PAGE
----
The Camber is a great choice for the trail rider who leans toward the cross country application. If you crave a bike with more personality or confidence in the rocks, consider the Santa Cruz Tallboy.
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Hands-on Gear Review
Specialized Camber Comp 29 2017 Review
Cons: Limited technical downhill abilities, lacks a dropper post
Bottom line: An efficient and precise cross-country minded trail bike.
Measured Weight (w/o pedals, Medium): 29 lbs 12 oz
Suspension & Travel: Future Shock Rear (FSR) - 120mm
Specialized's cross-country leaning Camber Comp climbs like a dream and descends reasonably well, but hits its technical limits sooner than we'd like. Its airy and nimble nature is too easily rattled, even taking into account its intended light-trail application. The Camber's most impressive trait is how consistently good it is on almost every aspect of the trail. It accelerates rapidly, holds speed reasonably, climbs efficiently, handles sharply and gets the job done on the downhills. These performance characteristics pair with solid specifications to make the Camber ready to roll out of the box and onto the trails without a glut of immediate upgrades. As a result, its $2,500 price tag is a decent value.
2018 Camber Updates — The Camber gets $100 shaved off its price, two updated colorways, and a few updates to its build kit that are unlikely to seriously alter its performance. Check them out below.
The Camber is a great choice for the trail rider who leans toward the cross country application. If you crave a bike with more personality or confidence in the rocks, consider the Santa Cruz Tallboy.
RELATED REVIEW: The Best Trail Mountain Bikes of 2018
Our Analysis and Hands-on Test Results
2018 Camber Comp 29
The 2018 Camber sells for $2,500. It holds onto its 2x setup with a 22-34t crankset but moves from an 11-speed to 10-speed SRAM drivetrain. Its RockShox Revelation fork gets an upgrade from the dual position RL to the three position damper on the RC3. This gives you a more adjustable fork but a narrower range of gears to choose from. The changes are unlikely to change the character of the bike. See the 2018 colorway options below.
Here's a summary of the 2017 to 2018 component shifts:
2017 Analysis and Test Results
We bought five short travel trail bikes and assembled a team of four test riders to rally them for six weeks — all to help you find your ideal ride. We raced the Specialized Camber Comp 29 against the 2017 Trek Fuel Ex 7 29, 2017 Santa Cruz Tallboy D 29, 2017 Niner Jet 9 1-Star NX1, and 2017 Giant Anthem 2, scoring them on fun factor, build quality and climbing and descending abilities. Then we compared them to every other trail bike we've tested.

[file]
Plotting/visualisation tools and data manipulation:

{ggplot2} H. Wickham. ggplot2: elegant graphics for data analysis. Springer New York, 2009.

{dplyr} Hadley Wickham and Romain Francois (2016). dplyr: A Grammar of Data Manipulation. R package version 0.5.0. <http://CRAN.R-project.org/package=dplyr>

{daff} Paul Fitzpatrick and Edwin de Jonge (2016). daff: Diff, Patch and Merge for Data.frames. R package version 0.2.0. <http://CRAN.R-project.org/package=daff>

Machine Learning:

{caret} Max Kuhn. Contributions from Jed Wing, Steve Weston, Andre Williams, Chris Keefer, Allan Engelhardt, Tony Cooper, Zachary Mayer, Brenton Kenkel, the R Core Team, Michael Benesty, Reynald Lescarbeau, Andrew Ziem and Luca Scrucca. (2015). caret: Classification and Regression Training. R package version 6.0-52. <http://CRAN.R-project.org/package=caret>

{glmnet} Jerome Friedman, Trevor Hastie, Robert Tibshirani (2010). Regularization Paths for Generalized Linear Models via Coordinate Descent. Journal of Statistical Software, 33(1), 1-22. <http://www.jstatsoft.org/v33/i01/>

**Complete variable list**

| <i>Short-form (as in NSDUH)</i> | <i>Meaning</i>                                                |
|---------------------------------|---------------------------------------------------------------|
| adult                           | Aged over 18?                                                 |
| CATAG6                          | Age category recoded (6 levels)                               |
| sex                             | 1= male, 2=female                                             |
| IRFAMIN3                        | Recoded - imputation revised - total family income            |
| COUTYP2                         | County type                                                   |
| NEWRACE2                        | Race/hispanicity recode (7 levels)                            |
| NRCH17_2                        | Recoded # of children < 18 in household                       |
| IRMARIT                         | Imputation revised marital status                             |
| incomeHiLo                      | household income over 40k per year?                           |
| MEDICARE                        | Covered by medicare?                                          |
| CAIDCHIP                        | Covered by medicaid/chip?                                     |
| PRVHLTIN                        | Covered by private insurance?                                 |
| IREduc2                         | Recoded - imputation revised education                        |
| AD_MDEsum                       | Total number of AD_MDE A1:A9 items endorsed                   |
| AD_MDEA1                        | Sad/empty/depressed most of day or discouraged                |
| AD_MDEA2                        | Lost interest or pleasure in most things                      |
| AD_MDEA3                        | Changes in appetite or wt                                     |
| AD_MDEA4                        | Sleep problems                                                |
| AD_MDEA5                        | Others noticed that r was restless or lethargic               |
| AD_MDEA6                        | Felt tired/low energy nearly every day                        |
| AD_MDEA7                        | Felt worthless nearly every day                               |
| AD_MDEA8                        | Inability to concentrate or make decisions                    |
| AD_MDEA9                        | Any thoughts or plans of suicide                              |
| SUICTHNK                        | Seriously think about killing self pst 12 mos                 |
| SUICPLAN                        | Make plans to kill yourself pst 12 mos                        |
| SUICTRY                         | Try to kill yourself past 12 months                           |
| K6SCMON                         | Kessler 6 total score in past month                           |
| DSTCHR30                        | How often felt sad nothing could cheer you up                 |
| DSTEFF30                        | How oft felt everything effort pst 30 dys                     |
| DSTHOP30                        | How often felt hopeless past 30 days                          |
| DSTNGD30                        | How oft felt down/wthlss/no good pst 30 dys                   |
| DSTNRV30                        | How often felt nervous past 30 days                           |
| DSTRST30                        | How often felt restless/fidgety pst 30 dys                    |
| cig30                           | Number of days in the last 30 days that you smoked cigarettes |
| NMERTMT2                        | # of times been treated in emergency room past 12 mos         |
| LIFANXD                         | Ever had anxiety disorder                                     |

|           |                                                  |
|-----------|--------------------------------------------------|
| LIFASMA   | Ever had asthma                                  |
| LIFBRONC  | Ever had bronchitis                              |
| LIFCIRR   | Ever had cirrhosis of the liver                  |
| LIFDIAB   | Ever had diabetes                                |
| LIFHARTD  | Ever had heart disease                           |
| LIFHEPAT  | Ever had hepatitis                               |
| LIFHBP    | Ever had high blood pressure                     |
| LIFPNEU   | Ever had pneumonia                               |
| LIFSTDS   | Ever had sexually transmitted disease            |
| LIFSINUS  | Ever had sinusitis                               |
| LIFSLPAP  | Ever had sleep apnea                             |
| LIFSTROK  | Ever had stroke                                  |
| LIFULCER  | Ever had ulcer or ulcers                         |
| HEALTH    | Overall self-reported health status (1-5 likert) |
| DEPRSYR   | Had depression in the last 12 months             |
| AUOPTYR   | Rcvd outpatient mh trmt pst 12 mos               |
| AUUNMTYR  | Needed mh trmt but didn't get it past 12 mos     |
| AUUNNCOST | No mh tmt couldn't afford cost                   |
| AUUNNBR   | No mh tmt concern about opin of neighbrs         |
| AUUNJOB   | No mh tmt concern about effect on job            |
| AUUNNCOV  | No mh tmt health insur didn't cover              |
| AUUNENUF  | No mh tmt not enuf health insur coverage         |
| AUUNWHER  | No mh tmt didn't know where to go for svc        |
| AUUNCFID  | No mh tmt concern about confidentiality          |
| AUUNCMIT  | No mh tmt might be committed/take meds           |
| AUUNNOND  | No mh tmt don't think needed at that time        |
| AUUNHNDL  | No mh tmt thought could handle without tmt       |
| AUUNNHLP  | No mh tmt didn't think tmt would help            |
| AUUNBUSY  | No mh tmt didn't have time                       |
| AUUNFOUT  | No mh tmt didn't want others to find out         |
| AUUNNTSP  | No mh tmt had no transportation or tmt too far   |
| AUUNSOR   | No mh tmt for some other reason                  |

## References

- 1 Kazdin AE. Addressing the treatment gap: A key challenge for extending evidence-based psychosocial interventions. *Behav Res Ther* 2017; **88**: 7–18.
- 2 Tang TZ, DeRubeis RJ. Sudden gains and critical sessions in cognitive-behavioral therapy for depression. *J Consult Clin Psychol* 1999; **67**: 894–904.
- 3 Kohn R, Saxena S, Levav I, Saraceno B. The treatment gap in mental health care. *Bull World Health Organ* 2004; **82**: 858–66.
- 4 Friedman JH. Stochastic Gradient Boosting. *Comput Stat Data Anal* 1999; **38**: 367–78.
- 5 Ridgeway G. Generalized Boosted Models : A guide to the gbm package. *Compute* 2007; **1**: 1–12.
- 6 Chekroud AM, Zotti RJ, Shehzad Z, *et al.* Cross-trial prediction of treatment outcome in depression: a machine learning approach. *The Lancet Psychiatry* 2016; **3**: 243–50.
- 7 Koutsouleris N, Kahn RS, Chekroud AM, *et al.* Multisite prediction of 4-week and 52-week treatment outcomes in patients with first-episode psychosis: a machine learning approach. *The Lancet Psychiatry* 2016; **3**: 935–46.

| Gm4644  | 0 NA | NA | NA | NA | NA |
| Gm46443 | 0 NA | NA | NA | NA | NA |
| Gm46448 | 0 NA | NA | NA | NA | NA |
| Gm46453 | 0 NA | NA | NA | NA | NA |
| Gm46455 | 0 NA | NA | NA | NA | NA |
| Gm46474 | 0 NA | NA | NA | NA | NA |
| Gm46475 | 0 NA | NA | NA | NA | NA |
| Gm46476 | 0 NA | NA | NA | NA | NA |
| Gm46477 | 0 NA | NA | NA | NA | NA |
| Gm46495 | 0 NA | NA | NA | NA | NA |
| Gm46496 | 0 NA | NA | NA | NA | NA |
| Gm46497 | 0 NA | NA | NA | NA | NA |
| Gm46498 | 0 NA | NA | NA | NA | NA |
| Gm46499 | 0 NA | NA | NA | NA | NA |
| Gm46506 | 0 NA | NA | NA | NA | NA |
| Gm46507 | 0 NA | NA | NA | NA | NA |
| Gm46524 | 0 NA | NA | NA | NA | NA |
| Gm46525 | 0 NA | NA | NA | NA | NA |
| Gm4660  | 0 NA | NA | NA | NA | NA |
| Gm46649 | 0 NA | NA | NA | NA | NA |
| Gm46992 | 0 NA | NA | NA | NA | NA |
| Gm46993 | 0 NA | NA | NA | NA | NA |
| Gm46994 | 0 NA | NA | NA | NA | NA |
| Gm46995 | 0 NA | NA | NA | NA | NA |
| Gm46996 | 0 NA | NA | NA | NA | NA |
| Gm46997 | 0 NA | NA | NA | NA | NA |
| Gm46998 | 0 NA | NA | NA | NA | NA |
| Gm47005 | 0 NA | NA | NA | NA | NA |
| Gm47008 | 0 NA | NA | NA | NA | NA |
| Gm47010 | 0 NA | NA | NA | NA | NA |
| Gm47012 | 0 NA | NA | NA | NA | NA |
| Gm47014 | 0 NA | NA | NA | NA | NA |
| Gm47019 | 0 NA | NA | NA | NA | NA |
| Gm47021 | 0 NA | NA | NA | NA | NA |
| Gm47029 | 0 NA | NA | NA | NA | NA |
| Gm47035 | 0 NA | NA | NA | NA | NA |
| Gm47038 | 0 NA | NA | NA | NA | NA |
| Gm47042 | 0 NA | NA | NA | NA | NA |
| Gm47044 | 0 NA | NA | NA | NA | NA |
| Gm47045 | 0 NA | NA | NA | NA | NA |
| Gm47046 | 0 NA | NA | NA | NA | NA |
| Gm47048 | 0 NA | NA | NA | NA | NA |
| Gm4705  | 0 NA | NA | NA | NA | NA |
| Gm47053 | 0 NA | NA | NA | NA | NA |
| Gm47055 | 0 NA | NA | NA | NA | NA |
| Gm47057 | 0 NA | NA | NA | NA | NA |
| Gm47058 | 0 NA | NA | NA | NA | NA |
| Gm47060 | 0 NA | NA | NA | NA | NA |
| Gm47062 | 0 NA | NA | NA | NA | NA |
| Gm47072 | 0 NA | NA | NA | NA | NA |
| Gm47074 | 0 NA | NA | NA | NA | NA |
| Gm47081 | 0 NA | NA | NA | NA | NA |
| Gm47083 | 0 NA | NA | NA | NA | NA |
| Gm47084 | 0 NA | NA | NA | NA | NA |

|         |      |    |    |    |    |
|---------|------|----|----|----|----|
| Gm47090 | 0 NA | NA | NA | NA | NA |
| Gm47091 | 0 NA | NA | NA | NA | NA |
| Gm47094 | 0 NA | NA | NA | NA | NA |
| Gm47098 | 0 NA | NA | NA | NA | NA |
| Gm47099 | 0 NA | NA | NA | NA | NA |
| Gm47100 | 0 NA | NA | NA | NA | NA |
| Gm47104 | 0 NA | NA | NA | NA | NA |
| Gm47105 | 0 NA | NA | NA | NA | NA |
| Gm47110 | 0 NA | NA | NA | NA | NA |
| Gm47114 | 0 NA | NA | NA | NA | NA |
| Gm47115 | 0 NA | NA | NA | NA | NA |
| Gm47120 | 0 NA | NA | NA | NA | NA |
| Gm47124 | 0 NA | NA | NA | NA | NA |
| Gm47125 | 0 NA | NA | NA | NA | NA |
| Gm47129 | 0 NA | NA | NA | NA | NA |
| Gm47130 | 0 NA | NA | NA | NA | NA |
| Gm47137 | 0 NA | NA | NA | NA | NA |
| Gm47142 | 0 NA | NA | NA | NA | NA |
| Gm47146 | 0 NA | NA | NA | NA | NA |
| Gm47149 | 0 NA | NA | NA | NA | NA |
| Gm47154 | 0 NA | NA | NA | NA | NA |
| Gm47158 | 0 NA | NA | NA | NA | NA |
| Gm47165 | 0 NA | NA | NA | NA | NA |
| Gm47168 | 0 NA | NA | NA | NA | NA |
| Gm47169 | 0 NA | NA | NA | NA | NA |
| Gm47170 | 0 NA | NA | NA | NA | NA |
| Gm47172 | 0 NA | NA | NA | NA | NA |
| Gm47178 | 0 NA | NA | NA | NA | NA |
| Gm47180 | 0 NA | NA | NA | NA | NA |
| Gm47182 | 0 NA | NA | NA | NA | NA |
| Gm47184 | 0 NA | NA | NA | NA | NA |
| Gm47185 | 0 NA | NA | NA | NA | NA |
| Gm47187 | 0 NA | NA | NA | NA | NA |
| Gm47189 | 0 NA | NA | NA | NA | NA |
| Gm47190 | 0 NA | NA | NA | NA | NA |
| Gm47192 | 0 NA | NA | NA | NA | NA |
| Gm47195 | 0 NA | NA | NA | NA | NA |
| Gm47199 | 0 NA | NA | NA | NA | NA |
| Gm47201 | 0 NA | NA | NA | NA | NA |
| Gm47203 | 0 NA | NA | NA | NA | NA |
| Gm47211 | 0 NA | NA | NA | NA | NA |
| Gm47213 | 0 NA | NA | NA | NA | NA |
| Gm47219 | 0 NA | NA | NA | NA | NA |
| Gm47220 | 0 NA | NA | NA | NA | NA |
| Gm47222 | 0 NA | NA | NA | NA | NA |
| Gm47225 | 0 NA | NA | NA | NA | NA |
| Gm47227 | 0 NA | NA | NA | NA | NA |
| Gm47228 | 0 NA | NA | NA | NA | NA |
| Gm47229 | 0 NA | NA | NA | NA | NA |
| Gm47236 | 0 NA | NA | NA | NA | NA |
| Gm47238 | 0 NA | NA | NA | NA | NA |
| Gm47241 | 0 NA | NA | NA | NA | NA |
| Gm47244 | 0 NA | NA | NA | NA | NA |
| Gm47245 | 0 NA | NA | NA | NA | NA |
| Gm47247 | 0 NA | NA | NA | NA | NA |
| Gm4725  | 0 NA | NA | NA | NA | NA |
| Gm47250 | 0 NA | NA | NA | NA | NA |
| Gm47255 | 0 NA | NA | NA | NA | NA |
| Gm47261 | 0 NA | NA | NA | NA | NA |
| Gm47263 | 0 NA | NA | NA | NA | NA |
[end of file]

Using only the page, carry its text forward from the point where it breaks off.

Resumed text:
The Camber is available in a women's version. The catch? the ladies models are only available in the 27.5 wheel size. Specialized uses their Women's RX Tune which features lighter suspension tunes on the female-specific models. In addition, the Women's Camber features female-friendly contact points.
The Camber's compact frame geometry works with its 29" wheels to create a snappy, fast rolling ride. This combination of 29er speed and little wheel agility shows you a good time on the trail. Two of our testers loved the Camber's poppy, playful disposition right off the bat. The comfortable cockpit and balanced feel made them forget they were piloting a new bike on their favorite trails, quite the compliment. Our third tester took a little longer to settle in, but he eventually found his balance points and started respecting the bike's performance. This tester is firmly anti-2x and missed a dropper post, but he still thinks the Camber was a reasonably fun bike.
The bike's well-rounded skill set makes it an intuitive ride whether climbing, descending or navigating tight turns. This kind of all-around trail confidence makes it an easy bike to pull from the testing quiver, but where the Camber really earns its stripes is railing through sweeping turns. If you can get out of the way of the seat post, it makes short work of switchbacks on the climbs and wraps around tight downhill turns. But on sweeping corners, it shines. Its big wheels hold speed while the short wheelbase and responsive handling get you in-and-out of the corner and on your way in a hurry. The Specialized Purgatory and Ground Control tires hook up well enough when we lay the Camber over on hardpack, giving us more confidence than we expected for their 2.3" width. Adding a dropper would let the Camber carve it up in a wider array of turns.
What about the ultimate holy grail of fun — downhill? The Camber's balanced suspension and steeper head tube angle makes it a respectable descender with plenty of squish and traction for the cross country side of the trail bike spectrum. Though it's decidedly less capable in technical terrain than the Santa Cruz Tallboy, the Camber's big wheels and responsive handling keep you feeling stable on less treacherous rock gardens and rollovers. This bike feels fast, and feeling fast is fun.